Doctors come from Cuba to visit St. Clair Hospital
David Kish, left, executive director of emergency services and patient logistics at St. Clair Hospital, shows an emergency treatment room to Cuban physicians Dr. Luis Orlando Rodriguez and Dr. Carmen Cuba. Mimi Falbo, right, is from Global Links, which organized the visit.
Share with others:
About 400 people visit the emergency room every day at the Hospital Pediatrico William Soler in Havana, Cuba.
Here in the South Hills, St. Clair Hospital gets about 175 patients a day to its ER.
So when Cuban doctors Luis Orlando Rodriguez and Carmen Cuba visited St. Clair on Friday, they were eager to learn how the Mt. Lebanon hospital's emergency department went from being nationally ranked in the 61 percentile for patient satisfaction in 2008 to the top 1 percent. The survey was conducted by Press Ganey, an independent, nationwide survey company.
"We haven't slept in five days -- work, work, work. We wanted to come here, to learn even more," Dr. Rodriguez, a urologist and general director of Hospital Pediatrico, said in Spanish. Dr. Cuba, a director in Cuba's Ministry of Health, translated for him.
Global Links, a nonprofit organization that donates hospital supplies to Third World countries, organized and paid for the trip. Dr. Rodriguez and Dr. Cuba were among six doctors visiting Pittsburgh for five days of observation and training.
The physicians said that health care in Cuba often is lauded as exemplary, with life expectancies and infant mortality rates the same or better than the United States. Doctors in Cuba are trained for free, provided they agree to return to their village or community to practice.
They learned that the climb in St. Clair's rankings is a result of implementing the so-called Toyota Process about 18 months ago.
The Toyota Process is a business model named after the Toyota car company, which first implemented it. It is based on continual improvement through streamlining processes and customer satisfaction.
When Tania Lyon, St. Clair's director of organizational performance improvement, was hired, patients coming to St. Clair's ER could be routed to any number of places: to triage, back to the waiting room, to registration, to a treatment room or elsewhere.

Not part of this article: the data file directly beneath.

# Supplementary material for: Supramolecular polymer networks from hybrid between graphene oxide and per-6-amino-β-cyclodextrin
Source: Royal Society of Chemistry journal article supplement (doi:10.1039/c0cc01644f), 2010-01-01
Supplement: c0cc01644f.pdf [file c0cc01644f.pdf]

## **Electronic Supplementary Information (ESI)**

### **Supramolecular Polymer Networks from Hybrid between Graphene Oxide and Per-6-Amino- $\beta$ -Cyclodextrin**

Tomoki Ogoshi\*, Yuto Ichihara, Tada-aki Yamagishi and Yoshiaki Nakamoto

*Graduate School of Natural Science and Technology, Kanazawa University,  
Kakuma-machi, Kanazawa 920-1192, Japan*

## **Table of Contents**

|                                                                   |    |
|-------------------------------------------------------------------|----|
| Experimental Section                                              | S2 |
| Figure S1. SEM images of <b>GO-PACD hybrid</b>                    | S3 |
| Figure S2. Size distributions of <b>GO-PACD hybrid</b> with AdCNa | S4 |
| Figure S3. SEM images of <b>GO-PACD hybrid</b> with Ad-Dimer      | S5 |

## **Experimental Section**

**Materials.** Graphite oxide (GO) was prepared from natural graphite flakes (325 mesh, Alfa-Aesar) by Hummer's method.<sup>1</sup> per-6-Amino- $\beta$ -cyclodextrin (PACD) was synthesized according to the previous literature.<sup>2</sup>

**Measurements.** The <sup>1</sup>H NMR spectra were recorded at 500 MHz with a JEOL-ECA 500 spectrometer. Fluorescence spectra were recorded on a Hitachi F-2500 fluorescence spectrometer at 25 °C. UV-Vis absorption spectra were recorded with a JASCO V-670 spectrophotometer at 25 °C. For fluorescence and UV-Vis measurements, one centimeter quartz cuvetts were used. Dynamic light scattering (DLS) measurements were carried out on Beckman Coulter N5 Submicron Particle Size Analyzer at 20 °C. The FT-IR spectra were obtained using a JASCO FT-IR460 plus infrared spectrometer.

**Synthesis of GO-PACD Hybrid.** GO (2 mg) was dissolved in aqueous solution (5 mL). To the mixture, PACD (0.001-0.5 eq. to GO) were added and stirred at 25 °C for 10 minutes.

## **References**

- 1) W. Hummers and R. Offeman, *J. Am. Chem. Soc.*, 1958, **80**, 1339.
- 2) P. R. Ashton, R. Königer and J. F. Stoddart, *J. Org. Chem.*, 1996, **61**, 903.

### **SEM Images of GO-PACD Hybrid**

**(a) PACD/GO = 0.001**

A year ago, she gathered a group of St. Clair Hospital emergency department nurses, doctors, managers and registration staff -- from the night and day shifts -- into one room for one day with one purpose: to figure out how to get Patient X from the waiting room to triage to a treatment room in that order every time.
The result was the Toyota Process in action and, administrators claim, much happier patients.
Officials said the average wait for a patient to be taken to a treatment room has dropped from 49 to four minutes. And the average time to see a doctor is 28 minutes, down from 76.
"Because [the staff] designed it, they like it. There's less stress, less confusion and everything goes faster," she said, presenting a Power Point of the process to visiting doctors and other staff.
"This is the only way to improve," Dr. Rodriguez said. "Because they made it, they can't criticize."
After a tour of the emergency department, Dr. Rodriguez was impressed by the hospital's equipment.
"With this infrastructure, we'd be blessed. You must be very proud to have it. Maybe you don't know what you have because you don't realize what other people lack," Dr. Cuba said.
Health care in Cuba is paid for by the government, which is one reason Dr. Rodriguez's hospital gets so many visitors to its emergency department.
Dr. Cuba said Cubans go to the ER "for everything," including getting a second opinion or in hopes of finding a better doctor. She said it takes only about 20 minutes to process patients because hospital staff is not hindered by health insurance forms and paperwork.
Ms. Lyon would like to implement the Toyota Process elsewhere in the hospital.
"A lot of nurses say the [emergency department] is different, that their area won't change. But the Toyota process will work anywhere," she said. "This is just the beginning."
First Published November 5, 2009 6:48 am